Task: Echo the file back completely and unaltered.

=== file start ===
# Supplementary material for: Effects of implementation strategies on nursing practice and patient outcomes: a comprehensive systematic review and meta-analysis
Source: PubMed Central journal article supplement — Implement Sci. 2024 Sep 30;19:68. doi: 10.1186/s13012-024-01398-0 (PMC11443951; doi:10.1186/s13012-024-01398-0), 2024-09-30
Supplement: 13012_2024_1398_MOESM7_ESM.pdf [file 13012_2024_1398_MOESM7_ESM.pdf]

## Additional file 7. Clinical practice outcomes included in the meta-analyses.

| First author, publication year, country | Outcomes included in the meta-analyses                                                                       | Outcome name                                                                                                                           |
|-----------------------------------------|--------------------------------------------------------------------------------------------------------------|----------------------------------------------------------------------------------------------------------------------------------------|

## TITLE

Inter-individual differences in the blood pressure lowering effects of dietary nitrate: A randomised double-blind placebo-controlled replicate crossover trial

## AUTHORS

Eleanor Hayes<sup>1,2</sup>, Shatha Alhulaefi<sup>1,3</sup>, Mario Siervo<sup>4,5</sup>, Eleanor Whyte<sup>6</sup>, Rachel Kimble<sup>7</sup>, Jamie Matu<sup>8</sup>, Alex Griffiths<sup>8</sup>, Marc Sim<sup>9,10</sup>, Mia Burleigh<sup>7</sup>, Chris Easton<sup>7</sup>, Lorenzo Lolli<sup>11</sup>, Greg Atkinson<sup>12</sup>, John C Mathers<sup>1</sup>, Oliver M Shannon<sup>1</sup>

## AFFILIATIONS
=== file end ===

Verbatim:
# Supplementary material for: Effects of implementation strategies on nursing practice and patient outcomes: a comprehensive systematic review and meta-analysis
Source: PubMed Central journal article supplement — Implement Sci. 2024 Sep 30;19:68. doi: 10.1186/s13012-024-01398-0 (PMC11443951; doi:10.1186/s13012-024-01398-0), 2024-09-30
Supplement: 13012_2024_1398_MOESM7_ESM.pdf [file 13012_2024_1398_MOESM7_ESM.pdf]

## Additional file 7. Clinical practice outcomes included in the meta-analyses.

| First author, publication year, country | Outcomes included in the meta-analyses                                                                       | Outcome name                                                                                                                           |
|-----------------------------------------|--------------------------------------------------------------------------------------------------------------|----------------------------------------------------------------------------------------------------------------------------------------|

## TITLE

Inter-individual differences in the blood pressure lowering effects of dietary nitrate: A randomised double-blind placebo-controlled replicate crossover trial

## AUTHORS

Eleanor Hayes<sup>1,2</sup>, Shatha Alhulaefi<sup>1,3</sup>, Mario Siervo<sup>4,5</sup>, Eleanor Whyte<sup>6</sup>, Rachel Kimble<sup>7</sup>, Jamie Matu<sup>8</sup>, Alex Griffiths<sup>8</sup>, Marc Sim<sup>9,10</sup>, Mia Burleigh<sup>7</sup>, Chris Easton<sup>7</sup>, Lorenzo Lolli<sup>11</sup>, Greg Atkinson<sup>12</sup>, John C Mathers<sup>1</sup>, Oliver M Shannon<sup>1</sup>

## AFFILIATIONS